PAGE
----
I’ve been reading articles and business studies about how rewards in the workplace do little more than motivate people to pursue the rewards. As a stand alone sentence, this sounds ideal, but when you dig a little deeper, all is not as rosy as it seems.
When we introduce an incentive into someone’s role, we place a huge amount of focus there. If someone is just behind the target to receive the incentive, they may start behaving in ways that we wouldn’t like in order to get the incentive. They may cherry pick what tasks they do, they may cut costs in areas that will lead to greater costs later on, they may even start gaming the system just to make target. None of these scenarios is achieving what the incentive was intended to do, which was to motivate people to do a better job. All they were motivated to do was get the incentive.
On the other side, imagine that someone has got to a point where they already know that they won’t achieve their target and therefore lose out on the incentive, do you think that person is still motivated? Not at all, and if there is another incentive plan where they can still get a bonus, you can be damn sure they’re going to give up on the failed target and go after the other one, basically neglecting the part of their job that should have been a priority.
The book Punished by Rewards by Alfie Kohn goes into these reasons and many others for why rewards end up punishing those that try to implement them, as well as the people they are implemented for.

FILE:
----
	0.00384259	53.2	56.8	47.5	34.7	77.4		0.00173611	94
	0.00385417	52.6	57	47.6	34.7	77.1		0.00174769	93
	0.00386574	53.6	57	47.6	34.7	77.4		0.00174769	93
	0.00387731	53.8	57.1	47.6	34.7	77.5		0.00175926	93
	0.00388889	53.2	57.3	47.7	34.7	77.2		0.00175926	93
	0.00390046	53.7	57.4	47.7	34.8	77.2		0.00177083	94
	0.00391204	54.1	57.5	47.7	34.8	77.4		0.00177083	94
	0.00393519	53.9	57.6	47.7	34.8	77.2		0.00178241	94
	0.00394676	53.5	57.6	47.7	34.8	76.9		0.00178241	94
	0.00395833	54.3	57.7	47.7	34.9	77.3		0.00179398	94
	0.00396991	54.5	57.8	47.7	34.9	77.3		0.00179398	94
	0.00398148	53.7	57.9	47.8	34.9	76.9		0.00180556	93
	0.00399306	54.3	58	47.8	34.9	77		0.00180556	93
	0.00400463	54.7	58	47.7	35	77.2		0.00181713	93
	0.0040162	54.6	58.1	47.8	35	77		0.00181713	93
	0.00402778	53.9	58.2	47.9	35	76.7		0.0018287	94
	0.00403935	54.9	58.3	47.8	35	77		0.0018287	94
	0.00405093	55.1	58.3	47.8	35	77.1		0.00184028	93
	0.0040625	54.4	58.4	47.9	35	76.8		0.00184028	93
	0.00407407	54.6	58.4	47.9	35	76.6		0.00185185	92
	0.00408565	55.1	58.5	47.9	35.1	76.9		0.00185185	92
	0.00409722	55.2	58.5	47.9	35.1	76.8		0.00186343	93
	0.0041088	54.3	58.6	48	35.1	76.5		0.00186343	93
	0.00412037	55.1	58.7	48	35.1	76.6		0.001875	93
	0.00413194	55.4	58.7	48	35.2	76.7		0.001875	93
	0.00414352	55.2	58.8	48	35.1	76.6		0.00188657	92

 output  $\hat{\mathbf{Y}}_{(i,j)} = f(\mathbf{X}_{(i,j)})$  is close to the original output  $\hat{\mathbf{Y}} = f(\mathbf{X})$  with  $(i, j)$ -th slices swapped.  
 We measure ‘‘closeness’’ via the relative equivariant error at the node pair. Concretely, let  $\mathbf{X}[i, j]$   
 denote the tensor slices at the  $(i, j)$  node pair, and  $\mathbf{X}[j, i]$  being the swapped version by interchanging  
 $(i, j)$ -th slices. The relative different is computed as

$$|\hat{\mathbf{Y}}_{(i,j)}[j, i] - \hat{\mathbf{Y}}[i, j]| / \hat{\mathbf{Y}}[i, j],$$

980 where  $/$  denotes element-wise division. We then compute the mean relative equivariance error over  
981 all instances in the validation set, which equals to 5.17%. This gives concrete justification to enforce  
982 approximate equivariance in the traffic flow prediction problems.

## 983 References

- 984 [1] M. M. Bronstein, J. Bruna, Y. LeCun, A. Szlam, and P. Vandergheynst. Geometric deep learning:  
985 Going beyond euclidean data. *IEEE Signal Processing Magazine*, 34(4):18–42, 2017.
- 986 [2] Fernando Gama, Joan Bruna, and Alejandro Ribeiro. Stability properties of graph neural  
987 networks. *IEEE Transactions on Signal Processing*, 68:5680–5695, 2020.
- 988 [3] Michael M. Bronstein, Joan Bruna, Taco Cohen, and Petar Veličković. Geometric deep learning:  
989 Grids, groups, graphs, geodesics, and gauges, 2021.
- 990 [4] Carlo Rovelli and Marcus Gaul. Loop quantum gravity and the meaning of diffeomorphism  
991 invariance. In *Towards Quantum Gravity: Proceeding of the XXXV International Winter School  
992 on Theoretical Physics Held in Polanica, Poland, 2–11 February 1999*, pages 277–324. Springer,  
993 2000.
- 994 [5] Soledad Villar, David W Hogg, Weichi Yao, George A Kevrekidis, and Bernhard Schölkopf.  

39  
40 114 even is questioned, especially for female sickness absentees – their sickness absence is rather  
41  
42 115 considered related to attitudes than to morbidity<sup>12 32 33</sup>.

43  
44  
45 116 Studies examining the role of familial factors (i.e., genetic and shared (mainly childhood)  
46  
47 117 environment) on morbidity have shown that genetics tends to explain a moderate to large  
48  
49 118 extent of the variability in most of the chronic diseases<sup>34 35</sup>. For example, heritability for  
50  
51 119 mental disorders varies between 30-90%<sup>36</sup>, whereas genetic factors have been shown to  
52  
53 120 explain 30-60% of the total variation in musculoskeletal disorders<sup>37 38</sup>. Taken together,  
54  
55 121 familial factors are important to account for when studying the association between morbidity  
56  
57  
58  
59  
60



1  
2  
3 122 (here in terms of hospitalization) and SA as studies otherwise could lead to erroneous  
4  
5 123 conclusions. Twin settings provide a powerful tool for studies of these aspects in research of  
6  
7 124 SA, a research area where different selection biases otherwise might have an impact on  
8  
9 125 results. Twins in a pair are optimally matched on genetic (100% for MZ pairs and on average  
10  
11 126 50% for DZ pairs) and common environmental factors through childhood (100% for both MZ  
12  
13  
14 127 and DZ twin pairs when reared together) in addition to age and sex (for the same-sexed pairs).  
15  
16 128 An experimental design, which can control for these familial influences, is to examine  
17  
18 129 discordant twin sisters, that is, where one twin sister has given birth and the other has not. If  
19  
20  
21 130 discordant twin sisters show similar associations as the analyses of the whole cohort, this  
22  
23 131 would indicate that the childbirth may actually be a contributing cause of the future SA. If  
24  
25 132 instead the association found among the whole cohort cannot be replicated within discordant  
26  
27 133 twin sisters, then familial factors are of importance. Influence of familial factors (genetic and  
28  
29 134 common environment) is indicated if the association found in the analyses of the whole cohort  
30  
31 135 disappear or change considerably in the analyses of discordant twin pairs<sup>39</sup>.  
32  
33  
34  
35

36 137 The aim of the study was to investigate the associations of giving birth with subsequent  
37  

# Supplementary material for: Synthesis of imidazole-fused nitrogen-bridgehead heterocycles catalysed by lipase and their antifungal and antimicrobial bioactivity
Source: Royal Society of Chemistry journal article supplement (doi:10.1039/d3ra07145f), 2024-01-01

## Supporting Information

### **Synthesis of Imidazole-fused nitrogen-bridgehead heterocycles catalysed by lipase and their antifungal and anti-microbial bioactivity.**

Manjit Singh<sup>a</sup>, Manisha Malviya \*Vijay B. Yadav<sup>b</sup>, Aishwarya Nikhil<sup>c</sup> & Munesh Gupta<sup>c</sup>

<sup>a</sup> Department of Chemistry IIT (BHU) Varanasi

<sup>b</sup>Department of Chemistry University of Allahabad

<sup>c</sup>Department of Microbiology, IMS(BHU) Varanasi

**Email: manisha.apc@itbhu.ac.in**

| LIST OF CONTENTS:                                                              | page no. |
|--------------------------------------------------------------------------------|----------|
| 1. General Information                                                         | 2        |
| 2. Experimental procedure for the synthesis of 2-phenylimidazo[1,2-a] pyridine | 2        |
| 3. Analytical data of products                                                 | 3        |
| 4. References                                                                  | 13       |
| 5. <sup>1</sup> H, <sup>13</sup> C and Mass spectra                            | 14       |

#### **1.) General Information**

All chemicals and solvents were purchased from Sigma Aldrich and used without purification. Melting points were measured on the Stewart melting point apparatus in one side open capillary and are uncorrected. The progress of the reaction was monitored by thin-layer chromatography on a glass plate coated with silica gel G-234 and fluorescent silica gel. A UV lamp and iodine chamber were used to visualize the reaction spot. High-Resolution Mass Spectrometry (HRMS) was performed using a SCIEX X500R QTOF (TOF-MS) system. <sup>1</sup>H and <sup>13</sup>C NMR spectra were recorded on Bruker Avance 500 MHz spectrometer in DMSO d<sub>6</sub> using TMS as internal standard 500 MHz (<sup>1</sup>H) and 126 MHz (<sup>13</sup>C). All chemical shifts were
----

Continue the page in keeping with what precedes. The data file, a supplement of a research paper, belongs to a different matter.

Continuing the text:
There is one point that I am conflicted about though, which is that if I agree with everything here, then I should not be wanting to get a performance bonus myself. Now I would definitely prefer a pay rise over a bonus, but I don’t think I can confidently make the argument that I shouldn’t get a bonus! The evidence is pretty strong here and I can recall times when my motivation has been killed just by expectations with no reward in sight, so what should happen when we go above and beyond the call of duty?
I haven’t got this far into the book yet, but there is something touched on that I have firmly agreed with for a long time. When a company compensates their employees fairly against market value, the focus on money diminishes greatly. It is only in the scarcity of money that it becomes a focus for us, and in that situation we aren’t likely to be working at our best anyway.
Maybe the answer is to reassess your market value every now and then and make a case for your pay to increase, rather than trying to get short-term rewards? Maybe the answer is to look for another job or pursue a promotion? These are probably questions I’m going to have to figure out myself soon, but for now I’m just going to keep following the studies and literature to see where it takes me.
What do you think about rewards? If you think they’re good, do you feel like you need them for some reason, or you just believe it is ‘fair’ to ‘recognise’ achievement in this way? Surely a salary should already recognise the value you bring to a company?